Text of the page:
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The Europe debate will tell us much about the state of Britain

The European referendum is looming in Britain. But when will it be?

Gerry Hassan
25 January 2016
European_flag_in_Karlskrona_2011_0.jpg

EU flag Wikimedia/MPD01605. Some rights reserved.

2016 will be a turbulent year for Britain and the world.

One issue will dominate the UK political classes beyond economic and financial worries or anxieties about immigration and security, and that is Europe.

Europe will connect with all of the above and more. Cameron’s main impetus is to have a quick referendum, to win it and get on with the rest of his Prime Ministership. It won’t work out that way.

To have the referendum relatively soon (meaning before Scottish school holidays start) a number of pieces have to fall into place. First, Cameron has to go to his EU summit in February and win some semblance of a deal. Then he has to be able to come back and present it to the House of Commons and country as an honourable agreement - more substantive than Harold Wilson’s fig leaf in 1975.

This is the beginning of the problems. To go sooner rather than later, Cameron has to lean on the Electoral Commission whose advice is to have a six-month campaign period in a referendum, unlike a general election. That timescale is impossible if Cameron chooses to go before the end of June.

Then there is the issue of the Enabling Bill to allow the referendum that is sitting waiting to be launched, with a provisional date in the parliamentary calendar post-EU summit. This would take, in the best-case scenario, ten days to railroad through parliament, but the Tories are not the full masters of this.

They have a Commons majority of twelve, and if Labour chooses to oppose a rush, along with the SNP, the government would be defeated by Euro-sceptic Tories. This leaves Cameron’s June fate in the hands of the discipline of Corbyn’s Labour party, without even thinking about the House of Lords.

The possible timescale has been laid out. Cameron is under the misapprehension that if he gets the referendum out of the way early, he is, with one bound, liberated and free. How wrong this judgement is – straight out of the late period of Tony Blair’s school of disastrous leadership.

Before Christmas the preferred referendum date in Downing Street was 16 June. Then they realised, not being football fans, that this is the day of the England v. Wales European Championship match. They still have an option, they tell themselves, of 23 June – although time is running out on that. Their reserve position, and one which sees the quick campaign fall by the wayside, is 15 September. Many think June is fast disappearing as an option.

This is where realities kick in. Cameron and Osborne want the referendum as soon as possible, because they are worried about the fragilities of the UK and global economies, China, and what happens with the refugee crisis in summer, and the potential of a repeat of the vast human wave of 2015 from North Africa and the Middle East.

The ‘in’ campaign will be characterised by ‘Project Fear 2’. It will even be led by the same people who created the original in the independence referendum, most notably Tory pollster Andrew Cooper. They will emphasis economic concerns for a UK outside the EU, national security and fear of terrorists and extremism.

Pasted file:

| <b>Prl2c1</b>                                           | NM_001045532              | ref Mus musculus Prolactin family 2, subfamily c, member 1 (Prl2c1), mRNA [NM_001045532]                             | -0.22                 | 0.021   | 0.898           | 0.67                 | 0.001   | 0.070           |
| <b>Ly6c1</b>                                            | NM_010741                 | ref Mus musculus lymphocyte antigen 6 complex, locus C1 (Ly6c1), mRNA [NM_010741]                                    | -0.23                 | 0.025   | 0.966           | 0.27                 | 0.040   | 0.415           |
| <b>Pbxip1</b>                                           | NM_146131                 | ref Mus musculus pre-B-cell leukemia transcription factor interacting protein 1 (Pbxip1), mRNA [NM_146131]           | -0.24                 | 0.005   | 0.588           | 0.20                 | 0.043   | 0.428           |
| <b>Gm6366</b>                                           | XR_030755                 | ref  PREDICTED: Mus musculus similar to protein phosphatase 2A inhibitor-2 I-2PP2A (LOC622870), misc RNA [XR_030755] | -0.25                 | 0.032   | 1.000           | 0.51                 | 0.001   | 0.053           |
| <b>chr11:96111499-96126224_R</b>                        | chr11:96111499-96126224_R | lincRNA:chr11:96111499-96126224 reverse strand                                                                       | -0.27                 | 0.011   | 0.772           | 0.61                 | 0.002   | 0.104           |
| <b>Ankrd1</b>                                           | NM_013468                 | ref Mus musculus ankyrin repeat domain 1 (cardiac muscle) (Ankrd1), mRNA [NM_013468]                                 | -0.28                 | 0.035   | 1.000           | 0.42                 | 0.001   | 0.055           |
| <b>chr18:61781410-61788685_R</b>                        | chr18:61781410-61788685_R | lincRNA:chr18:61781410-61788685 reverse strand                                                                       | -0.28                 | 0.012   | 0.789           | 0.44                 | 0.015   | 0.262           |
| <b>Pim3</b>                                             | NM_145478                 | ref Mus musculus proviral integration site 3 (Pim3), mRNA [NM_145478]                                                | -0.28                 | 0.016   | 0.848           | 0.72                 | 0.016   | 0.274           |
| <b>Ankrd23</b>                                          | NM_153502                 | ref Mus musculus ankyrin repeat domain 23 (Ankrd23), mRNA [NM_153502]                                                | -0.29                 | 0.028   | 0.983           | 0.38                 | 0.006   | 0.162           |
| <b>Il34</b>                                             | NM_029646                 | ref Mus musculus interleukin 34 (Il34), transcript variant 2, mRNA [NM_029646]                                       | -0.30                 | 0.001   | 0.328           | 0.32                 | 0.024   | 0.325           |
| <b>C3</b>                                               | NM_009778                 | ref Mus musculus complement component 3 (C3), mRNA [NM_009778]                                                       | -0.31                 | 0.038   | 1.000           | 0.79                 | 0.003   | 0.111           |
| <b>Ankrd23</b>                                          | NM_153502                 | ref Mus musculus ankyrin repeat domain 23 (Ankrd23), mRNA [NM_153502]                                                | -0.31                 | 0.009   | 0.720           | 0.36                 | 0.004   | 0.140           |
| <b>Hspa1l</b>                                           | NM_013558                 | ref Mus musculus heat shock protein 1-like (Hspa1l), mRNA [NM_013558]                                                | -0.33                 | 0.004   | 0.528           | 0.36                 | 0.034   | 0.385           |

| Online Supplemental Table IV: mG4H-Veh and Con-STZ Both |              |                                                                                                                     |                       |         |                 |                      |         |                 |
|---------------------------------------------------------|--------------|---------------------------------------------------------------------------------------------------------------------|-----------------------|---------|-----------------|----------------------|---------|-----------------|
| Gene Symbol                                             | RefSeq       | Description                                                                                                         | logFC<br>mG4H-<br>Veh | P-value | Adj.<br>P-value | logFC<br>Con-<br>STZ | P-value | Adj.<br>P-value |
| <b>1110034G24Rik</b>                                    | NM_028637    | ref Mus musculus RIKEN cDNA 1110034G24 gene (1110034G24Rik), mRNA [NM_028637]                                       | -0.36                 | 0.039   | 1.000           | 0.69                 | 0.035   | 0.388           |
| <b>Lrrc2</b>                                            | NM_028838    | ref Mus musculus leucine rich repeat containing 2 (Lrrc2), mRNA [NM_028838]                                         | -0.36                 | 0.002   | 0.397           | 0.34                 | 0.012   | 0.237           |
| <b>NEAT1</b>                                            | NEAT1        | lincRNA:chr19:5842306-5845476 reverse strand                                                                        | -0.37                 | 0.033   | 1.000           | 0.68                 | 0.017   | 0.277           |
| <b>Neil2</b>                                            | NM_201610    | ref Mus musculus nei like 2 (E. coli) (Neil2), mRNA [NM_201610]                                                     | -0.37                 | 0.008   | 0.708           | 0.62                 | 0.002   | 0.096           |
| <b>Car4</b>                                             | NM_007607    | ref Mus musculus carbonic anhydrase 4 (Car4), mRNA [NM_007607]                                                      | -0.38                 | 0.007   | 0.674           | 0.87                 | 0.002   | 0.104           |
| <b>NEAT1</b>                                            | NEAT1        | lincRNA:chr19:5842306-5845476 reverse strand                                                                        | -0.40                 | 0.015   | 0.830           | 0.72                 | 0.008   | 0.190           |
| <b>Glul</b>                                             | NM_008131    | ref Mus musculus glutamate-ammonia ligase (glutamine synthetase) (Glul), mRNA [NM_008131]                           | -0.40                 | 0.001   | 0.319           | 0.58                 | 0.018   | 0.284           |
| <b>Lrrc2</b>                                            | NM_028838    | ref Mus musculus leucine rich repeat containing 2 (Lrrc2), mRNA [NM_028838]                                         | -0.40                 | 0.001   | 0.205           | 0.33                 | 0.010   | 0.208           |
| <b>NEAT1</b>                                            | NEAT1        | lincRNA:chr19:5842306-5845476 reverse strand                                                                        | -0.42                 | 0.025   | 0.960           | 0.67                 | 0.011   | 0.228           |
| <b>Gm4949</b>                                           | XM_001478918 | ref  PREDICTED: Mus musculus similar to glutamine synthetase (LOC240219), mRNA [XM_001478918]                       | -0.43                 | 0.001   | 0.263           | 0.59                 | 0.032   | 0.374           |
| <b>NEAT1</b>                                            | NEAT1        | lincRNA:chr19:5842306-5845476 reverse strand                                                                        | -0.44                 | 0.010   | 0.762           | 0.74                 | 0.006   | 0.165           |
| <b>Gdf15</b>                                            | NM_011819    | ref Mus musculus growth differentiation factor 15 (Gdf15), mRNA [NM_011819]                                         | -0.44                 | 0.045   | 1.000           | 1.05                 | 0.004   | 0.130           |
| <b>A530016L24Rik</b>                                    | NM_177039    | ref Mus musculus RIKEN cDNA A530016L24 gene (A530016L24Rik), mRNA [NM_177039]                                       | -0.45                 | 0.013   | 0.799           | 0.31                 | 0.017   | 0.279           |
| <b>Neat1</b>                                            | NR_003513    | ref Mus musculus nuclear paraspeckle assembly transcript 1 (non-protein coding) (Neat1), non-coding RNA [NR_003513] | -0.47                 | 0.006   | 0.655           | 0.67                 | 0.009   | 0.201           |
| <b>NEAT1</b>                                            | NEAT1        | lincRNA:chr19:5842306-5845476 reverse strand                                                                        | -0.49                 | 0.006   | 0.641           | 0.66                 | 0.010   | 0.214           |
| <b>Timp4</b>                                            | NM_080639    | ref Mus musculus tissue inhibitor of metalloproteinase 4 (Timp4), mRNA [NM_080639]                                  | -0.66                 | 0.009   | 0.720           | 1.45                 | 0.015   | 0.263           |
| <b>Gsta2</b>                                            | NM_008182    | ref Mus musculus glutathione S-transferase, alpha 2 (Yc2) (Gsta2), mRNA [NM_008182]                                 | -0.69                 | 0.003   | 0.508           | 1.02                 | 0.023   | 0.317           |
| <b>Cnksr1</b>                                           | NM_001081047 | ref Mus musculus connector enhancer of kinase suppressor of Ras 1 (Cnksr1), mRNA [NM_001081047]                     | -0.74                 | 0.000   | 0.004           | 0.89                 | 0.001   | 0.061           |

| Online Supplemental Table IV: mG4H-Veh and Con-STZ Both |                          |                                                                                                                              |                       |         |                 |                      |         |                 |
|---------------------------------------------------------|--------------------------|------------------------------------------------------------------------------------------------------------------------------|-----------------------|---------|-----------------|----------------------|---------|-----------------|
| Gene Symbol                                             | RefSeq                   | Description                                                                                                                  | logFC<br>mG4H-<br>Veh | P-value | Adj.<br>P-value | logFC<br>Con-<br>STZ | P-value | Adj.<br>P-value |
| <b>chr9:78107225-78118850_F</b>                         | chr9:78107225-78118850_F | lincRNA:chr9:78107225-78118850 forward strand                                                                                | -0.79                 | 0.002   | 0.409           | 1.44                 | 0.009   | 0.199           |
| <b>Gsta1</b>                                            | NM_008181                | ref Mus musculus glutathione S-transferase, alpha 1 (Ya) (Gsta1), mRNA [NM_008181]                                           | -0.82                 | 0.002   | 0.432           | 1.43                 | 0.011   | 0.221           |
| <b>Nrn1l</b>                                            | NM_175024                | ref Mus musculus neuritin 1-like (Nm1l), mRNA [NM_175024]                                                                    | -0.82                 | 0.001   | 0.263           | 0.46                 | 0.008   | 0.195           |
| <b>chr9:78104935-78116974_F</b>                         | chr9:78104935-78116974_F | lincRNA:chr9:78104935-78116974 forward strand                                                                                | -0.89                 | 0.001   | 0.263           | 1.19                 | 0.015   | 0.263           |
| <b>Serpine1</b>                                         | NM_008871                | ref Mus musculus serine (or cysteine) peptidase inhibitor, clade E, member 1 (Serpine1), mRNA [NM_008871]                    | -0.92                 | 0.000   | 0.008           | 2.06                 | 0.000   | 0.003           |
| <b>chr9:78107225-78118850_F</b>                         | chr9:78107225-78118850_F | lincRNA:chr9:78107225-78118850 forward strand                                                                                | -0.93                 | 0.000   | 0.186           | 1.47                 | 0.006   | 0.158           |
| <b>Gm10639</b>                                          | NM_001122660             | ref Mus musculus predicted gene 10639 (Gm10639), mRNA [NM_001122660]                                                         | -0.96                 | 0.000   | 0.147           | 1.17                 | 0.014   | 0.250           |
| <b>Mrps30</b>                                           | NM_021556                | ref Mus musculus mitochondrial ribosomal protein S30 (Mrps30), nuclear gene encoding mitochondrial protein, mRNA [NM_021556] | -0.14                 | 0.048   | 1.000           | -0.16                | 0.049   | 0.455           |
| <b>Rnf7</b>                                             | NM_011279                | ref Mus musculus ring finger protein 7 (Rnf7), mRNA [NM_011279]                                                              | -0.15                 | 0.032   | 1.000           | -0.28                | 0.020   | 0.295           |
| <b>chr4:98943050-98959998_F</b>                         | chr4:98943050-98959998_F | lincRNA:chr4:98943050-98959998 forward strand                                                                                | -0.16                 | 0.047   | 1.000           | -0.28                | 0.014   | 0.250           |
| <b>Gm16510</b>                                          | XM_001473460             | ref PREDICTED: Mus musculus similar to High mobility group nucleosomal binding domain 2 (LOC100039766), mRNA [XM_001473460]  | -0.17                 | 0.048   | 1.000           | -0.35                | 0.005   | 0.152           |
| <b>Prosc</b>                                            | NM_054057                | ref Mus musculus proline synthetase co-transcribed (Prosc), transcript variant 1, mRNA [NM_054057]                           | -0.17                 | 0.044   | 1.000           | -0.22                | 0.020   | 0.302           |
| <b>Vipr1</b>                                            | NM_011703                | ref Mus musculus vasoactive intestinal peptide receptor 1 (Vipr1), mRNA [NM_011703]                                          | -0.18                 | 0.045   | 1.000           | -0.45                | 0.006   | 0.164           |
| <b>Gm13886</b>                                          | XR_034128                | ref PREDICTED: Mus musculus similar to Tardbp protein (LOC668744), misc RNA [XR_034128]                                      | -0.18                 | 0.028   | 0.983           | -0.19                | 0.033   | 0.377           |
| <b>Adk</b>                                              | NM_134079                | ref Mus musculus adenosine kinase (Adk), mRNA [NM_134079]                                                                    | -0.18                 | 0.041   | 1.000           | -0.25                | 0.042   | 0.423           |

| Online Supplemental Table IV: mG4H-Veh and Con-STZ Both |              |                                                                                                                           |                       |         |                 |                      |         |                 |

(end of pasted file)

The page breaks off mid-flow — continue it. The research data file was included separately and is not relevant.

It will make the original ‘Project Fear’ seem like a Disney film. Despite the success of the ‘Fast and Furious’ franchise (now on number eight!), sequels rarely play as well audience wise, and this will be true in the Euro vote. The ‘in’ crowd may still win, but it will be at high cost.

The limits of the pro-European case will be exposed. No senior Tory will say ‘I love Europe’. This will be presented as a purely transactional relationship. The exit case will have problems. They will present a range of possible Britains shorn of detail, but all pointing towards greater deregulation, more liberal markets and further featherbedding of the super-rich – while not presenting any social vision.

The British establishment doesn’t really like referendums as they worry that people could make the wrong choice. Yet, since 1973 such votes have become commonplace practice for what passes for British democracy.

Cameron knows there is a chance that he could just lose – something that only dawned on the British political classes at the last minute of the independence referendum. Already, they are drawing up contingencies in case this happens.

If the UK voted narrowly – say 52:48 to leave the EU – one scenario is that the UK government would consider a second vote on a better package. This has already been floated by the likes of Boris Johnson, showing how widely it is being considered.

Europe has a habit of telling nations whose people make the wrong choice to vote again until they get it right – as happened to Denmark once and Ireland twice. Yet, if this happens in the UK it will be a low point in the behaviour of our politicians, state of our democracy and reveal the potential disunity of the UK if Scotland votes one way, and the rest of the country the other way.

Still more likely is that the UK votes narrowly to stay in, but that it decides little about where Britain sees its future and its relationship with Europe. Rather like the Scottish vote. But it will witness the last days of David Cameron.

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